U.S. House Democrats jammed through a resolution Thursday to revive a constitutional amendment that could end all abortion restrictions and allow unborn babies to be aborted for any reason up to birth.
The Democrat-controlled House passed House Joint Resolution 79 in a 232-183 vote in an attempt to nullify the seven-year deadline for the Equal Rights Amendment (ERA) that expired in 1979. Five Republicans joined Democrats in supporting the resolution.
The bill now heads to the Senate, which will not likely take it up for consideration.
The constitutional amendment appears to be simple. It states that “equality of rights under the law shall not be denied or abridged by the United States or by any state on account of sex.” But both pro-abortion and pro-life leaders say the language could be used to end all abortion restrictions, even common-sense laws such as parental consent for minors and the partial-birth abortion ban. It also could force taxpayers to pay for abortions, something most Americans oppose.
The ERA is “anything but pro-woman,” said U.S. Rep. Vicky Hartzler, R-Missouri, who voted against the resolution.
“… the ERA would not bring women any more rights than they currently have but it would entrench the legality of abortion. We know this from court precedent and by listening to those who have the most to gain from constitutionally protecting abortion on demand,” she said, pointing to statements by several prominent pro-abortion groups.
The House resolution attempts to revive the ERA by allowing the recognition of recent state legislatures’ votes to ratify it. Virginia became the 38th and final state needed to ratify the amendment in January; Nevada and Illinois also voted to ratify the ERA decades after the 1979 deadline.
“The House Democratic leadership put on a partisan political stage-magic show – the 40-years-dead ERA was just a prop,” said Douglas D. Johnson, senior policy advisor for National Right to Life. “Efforts to resuscitate the 1972 ERA are likely to encounter insurmountable obstacles in the federal courts – and also, given the now widely admitted connection to abortion, in the U.S. Senate.”
“Abortion activists have made clear their intent to persuade activist judges to strike down pro-life laws and enshrine abortion-on-demand in the Constitution of the United States,” adds Susan B. Anthony List President Marjorie Dannenfelser. “To install a ‘Right to Abortion’ in the U.S. Constitution would be to deny the most basic right upon which our nation was founded: the right to life.”
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Dannenfelser expressed optimism that their efforts will not succeed, especially after U.S. Supreme Court Justice Ruth Bader Ginsburg, who supports abortion and the ERA, recently admitted that the amendment is dead and advocates need to “start over.”
During an event at the Georgetown University Law Center, Ginsburg pointed out several problems with ratifying the amendment now, including the three states that voted past the deadline and five additional states that voted to rescind their ratification within the deadline.
In January, the Department of Justice issued an opinion saying the ERA cannot be added to the U.S. Constitution because of the long-past deadline. National Archivist David Ferriero, whose agency is in charge of adding amendments to the Constitution, said he will follow the DOJ decision.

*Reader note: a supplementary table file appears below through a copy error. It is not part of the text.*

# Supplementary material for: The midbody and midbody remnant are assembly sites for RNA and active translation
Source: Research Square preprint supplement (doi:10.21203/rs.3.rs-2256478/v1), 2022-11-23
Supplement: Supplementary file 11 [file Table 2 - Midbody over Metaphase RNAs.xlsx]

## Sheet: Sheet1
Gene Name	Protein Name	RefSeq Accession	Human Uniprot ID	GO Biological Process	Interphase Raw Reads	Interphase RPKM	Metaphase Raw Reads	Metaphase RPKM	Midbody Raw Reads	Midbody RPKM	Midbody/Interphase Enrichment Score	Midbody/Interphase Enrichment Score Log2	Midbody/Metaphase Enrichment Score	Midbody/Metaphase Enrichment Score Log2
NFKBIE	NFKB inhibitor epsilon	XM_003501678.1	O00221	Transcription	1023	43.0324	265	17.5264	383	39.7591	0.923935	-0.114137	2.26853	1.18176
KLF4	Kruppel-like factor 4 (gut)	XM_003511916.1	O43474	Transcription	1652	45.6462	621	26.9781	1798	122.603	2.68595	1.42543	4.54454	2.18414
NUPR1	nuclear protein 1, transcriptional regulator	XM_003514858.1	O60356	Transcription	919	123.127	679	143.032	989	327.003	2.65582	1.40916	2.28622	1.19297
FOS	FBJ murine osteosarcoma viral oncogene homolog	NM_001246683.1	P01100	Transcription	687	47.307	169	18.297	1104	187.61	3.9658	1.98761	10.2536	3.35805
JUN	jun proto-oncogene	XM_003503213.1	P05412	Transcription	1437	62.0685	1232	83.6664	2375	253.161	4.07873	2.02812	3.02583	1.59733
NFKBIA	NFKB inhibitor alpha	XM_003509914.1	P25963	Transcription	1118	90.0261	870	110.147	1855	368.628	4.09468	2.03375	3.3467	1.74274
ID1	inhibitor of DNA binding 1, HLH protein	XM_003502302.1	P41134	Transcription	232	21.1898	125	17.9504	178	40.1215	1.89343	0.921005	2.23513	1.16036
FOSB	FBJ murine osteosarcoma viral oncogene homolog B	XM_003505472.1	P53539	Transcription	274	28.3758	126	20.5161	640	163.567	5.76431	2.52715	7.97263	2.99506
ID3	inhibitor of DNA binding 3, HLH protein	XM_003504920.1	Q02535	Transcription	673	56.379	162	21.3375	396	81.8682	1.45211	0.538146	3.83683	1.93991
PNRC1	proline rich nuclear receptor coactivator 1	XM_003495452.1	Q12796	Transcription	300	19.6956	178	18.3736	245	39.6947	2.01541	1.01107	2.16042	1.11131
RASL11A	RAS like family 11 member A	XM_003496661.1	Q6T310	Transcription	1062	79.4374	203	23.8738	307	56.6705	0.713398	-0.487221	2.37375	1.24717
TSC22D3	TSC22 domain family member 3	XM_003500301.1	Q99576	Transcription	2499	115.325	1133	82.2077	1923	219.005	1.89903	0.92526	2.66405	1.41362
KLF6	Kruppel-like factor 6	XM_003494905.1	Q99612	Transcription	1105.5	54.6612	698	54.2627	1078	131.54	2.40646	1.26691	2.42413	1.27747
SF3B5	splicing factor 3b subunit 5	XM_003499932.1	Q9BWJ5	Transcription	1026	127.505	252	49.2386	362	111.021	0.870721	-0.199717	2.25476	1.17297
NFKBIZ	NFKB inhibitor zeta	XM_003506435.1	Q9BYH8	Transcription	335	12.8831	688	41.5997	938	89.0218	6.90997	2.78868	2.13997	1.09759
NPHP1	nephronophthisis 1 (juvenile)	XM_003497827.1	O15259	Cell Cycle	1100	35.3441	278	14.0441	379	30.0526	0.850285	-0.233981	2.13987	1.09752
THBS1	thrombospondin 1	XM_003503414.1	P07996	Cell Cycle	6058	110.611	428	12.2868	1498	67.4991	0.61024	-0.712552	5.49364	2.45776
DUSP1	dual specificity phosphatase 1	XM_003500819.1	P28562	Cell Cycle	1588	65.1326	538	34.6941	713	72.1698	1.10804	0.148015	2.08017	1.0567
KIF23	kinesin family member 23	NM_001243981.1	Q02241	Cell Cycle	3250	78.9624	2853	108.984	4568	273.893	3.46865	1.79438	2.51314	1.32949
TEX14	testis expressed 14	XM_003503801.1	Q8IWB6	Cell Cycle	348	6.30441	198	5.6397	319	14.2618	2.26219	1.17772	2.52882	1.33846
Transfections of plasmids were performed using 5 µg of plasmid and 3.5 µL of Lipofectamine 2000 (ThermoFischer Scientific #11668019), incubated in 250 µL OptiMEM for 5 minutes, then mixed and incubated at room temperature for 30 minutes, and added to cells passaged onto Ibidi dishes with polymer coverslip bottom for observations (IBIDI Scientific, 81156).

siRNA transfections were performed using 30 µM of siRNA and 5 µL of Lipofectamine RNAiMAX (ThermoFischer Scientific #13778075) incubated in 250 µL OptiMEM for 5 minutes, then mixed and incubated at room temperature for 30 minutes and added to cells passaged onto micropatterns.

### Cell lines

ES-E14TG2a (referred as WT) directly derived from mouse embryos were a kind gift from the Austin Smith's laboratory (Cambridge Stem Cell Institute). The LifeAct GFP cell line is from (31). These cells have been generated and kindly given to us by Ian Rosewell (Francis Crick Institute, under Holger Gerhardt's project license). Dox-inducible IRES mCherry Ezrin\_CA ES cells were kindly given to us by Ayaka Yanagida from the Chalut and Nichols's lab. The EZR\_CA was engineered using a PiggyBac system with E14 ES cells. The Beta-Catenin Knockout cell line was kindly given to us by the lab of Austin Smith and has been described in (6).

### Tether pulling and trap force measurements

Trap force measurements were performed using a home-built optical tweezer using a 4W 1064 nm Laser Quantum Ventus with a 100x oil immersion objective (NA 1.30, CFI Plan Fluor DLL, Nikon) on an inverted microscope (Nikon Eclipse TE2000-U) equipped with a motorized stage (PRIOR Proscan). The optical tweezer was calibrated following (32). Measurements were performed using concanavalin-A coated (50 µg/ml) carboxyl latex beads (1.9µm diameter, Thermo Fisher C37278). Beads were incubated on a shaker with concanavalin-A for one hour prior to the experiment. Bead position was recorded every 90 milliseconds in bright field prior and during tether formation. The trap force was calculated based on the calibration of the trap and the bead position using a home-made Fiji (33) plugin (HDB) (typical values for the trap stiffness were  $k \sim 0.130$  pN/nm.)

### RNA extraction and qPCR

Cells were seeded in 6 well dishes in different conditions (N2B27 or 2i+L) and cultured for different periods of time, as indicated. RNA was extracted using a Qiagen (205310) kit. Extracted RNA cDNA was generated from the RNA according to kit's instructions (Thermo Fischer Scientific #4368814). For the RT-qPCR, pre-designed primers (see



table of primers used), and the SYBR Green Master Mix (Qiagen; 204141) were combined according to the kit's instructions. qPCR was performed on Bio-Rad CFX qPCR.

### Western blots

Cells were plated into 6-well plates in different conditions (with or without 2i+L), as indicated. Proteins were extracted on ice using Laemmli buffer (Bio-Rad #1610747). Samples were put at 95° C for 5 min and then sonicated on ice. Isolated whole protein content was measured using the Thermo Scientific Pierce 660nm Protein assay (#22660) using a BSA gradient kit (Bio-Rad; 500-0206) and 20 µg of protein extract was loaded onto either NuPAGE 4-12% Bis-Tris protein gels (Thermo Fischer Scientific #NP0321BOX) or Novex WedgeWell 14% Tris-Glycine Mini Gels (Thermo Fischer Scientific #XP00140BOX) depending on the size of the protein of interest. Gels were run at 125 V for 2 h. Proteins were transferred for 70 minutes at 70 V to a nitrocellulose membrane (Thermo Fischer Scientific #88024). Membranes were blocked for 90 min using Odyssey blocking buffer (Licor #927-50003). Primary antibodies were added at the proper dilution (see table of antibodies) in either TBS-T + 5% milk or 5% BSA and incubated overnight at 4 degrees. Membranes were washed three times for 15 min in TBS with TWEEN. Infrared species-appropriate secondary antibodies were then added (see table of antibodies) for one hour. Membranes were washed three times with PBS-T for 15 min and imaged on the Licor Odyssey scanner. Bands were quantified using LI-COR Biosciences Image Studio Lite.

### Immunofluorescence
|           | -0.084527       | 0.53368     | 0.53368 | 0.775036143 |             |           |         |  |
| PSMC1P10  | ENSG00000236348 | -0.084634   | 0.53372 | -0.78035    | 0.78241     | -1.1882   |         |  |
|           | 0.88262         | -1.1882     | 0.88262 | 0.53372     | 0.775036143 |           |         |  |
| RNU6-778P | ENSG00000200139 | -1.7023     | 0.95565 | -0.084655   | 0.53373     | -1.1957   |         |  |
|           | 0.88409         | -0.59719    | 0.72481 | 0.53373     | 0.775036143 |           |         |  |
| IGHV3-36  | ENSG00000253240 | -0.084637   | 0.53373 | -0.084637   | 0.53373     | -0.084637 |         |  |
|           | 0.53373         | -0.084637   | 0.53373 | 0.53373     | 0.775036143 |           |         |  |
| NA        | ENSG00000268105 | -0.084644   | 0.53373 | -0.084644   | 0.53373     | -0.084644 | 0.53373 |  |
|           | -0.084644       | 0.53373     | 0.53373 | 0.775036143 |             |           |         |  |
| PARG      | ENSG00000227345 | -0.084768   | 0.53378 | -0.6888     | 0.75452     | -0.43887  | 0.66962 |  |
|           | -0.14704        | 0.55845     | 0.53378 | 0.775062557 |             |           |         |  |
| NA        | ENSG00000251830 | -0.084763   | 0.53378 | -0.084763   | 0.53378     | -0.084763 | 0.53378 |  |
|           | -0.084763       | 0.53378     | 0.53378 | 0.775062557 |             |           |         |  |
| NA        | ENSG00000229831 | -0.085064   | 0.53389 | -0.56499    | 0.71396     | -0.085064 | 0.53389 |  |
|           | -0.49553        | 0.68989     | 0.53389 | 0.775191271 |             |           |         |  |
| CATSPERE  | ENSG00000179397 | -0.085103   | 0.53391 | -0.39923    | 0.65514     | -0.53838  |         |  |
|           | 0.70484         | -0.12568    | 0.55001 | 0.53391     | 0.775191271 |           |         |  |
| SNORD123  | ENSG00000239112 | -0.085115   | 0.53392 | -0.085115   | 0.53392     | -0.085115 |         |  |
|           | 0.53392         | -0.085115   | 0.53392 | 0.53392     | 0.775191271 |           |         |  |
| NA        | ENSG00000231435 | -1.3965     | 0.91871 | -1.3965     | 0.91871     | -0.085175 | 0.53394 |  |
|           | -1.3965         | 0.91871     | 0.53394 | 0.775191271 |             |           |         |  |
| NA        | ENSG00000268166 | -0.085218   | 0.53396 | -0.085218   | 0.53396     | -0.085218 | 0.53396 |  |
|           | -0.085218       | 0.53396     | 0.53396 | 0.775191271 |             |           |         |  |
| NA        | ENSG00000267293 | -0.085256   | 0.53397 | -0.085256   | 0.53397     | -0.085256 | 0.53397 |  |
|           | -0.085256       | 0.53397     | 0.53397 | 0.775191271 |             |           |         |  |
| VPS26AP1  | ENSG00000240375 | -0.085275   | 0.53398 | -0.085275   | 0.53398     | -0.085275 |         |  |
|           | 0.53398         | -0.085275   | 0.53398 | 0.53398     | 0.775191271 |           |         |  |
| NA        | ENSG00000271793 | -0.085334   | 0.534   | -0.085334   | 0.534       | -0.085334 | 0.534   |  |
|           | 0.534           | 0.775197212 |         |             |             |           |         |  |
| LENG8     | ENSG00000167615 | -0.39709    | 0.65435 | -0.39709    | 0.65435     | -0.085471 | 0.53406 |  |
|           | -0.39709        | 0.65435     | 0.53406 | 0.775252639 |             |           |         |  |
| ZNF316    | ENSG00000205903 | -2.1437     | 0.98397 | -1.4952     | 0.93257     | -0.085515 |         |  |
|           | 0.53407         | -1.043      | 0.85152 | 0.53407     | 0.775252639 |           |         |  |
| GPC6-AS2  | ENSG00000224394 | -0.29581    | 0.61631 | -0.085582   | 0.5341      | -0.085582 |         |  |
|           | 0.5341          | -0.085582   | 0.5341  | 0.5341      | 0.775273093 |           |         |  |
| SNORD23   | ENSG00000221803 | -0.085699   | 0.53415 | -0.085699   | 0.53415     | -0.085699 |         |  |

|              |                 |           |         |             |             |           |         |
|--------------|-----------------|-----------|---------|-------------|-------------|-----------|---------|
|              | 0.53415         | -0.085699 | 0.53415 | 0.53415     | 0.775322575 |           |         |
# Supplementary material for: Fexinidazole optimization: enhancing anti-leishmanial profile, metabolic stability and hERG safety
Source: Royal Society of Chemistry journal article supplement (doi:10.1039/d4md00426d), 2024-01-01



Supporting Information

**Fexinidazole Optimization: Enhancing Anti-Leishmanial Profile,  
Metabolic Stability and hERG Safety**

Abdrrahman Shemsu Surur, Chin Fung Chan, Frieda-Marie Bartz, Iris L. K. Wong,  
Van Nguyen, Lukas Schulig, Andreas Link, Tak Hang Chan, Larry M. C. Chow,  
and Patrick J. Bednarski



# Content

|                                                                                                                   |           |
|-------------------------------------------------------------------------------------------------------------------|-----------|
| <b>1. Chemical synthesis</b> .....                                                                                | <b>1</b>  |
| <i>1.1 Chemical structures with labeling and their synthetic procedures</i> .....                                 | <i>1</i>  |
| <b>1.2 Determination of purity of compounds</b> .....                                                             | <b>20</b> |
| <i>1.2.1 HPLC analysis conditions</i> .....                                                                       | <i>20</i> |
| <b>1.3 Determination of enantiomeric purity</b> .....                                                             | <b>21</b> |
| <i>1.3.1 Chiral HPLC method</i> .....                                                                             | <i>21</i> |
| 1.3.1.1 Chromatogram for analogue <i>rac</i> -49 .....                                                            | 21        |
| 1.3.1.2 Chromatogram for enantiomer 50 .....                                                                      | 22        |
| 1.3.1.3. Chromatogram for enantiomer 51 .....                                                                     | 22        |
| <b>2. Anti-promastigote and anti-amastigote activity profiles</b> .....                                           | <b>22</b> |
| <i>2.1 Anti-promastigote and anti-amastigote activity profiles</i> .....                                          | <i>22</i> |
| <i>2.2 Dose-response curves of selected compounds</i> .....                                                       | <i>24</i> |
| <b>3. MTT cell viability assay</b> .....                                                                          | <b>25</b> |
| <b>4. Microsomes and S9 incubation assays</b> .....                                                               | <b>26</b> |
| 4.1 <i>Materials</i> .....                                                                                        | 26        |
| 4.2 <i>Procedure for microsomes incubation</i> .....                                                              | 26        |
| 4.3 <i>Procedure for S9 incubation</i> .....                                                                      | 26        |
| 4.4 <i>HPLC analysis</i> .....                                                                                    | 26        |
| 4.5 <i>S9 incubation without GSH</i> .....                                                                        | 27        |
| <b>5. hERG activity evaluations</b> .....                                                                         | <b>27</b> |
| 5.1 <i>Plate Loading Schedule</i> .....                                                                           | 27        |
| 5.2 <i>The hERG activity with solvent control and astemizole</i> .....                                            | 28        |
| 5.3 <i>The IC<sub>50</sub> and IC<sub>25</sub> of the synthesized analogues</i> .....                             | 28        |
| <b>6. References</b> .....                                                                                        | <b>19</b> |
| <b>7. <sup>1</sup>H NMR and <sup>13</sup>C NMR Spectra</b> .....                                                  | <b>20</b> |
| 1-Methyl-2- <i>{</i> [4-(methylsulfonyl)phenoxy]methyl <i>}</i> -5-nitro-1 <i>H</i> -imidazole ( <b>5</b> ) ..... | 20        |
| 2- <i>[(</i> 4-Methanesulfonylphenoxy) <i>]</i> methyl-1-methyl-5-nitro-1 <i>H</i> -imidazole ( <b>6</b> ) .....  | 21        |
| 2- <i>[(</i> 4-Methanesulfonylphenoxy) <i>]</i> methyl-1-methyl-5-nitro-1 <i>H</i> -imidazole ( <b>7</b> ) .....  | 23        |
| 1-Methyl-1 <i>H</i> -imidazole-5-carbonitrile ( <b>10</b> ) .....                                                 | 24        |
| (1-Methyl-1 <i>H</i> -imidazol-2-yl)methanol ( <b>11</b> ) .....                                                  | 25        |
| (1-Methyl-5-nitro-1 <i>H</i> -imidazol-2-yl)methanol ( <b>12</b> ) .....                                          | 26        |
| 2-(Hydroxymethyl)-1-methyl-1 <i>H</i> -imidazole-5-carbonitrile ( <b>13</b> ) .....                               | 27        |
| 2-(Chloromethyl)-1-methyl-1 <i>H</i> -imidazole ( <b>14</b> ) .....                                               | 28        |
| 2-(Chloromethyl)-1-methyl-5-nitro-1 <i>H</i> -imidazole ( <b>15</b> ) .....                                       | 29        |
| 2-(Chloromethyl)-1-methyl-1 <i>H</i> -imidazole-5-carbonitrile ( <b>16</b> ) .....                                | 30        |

Abortion advocacy groups have been lobbying for the amendment for decades. On its website, the pro-abortion group NARAL said the ERA would “reinforce the constitutional right to abortion by clarifying that the sexes have equal rights, which would require judges to strike down anti-abortion laws because they violate both the constitutional rights to privacy and sexual equality.”
National Right to Life senior policy advisor Douglas Johnson said the ERA, if added to the Constitution, could be used to dismantle laws that protect unborn babies and mothers from abortion.
“Numerous abortion-rights groups now openly proclaim that they would employ the ERA as a powerful legal weapon against pro-life laws,” Johnson said. These include NARAL, Planned Parenthood, the National Women’s Law Center, the Women’s Law Project and the National Organization for Women, he said.
Should the ERA be adopted, it could invalidate the federal Hyde Amendment, which prohibits taxpayer funding of abortions in Medicaid, and all state restrictions prohibiting tax-funded abortions. Likewise, it could nullify any federal or state restrictions on partial-birth abortions or third-trimester abortions (since these are sought “only by women”).
Johnson said laws that allow government-supported medical facilities and personnel — including religiously affiliated hospitals — to refuse to participate in abortions likely would be in jeopardy as well.
Tom McClusky, president of March for Life Action, said pro-abortion Democrats are being aggressive in their attempts to enshrine abortion on demand into American law.
“Efforts in the House include resurrecting the misnamed Equal Rights Amendment (ERA) and holding a hearing on Rep. Judy Chu’s (D-CA) bill that would codify Roe, effectively making abortion on demand through all nine months of pregnancy federal law,” McClusky said. “In states that have adopted an ERA, it has been used to force taxpayer funding for abortion. And one need look no further than the vigorous support that radical abortion groups like NARAL and Planned Parenthood have put behind the ERA to know it would have disastrous consequences for pro-life laws. Rep. Chu’s bill to codify Roe would go even further than the ERA, not only doing away with any existing laws that limit abortion but also preventing pro-life legislators from introducing new ones.”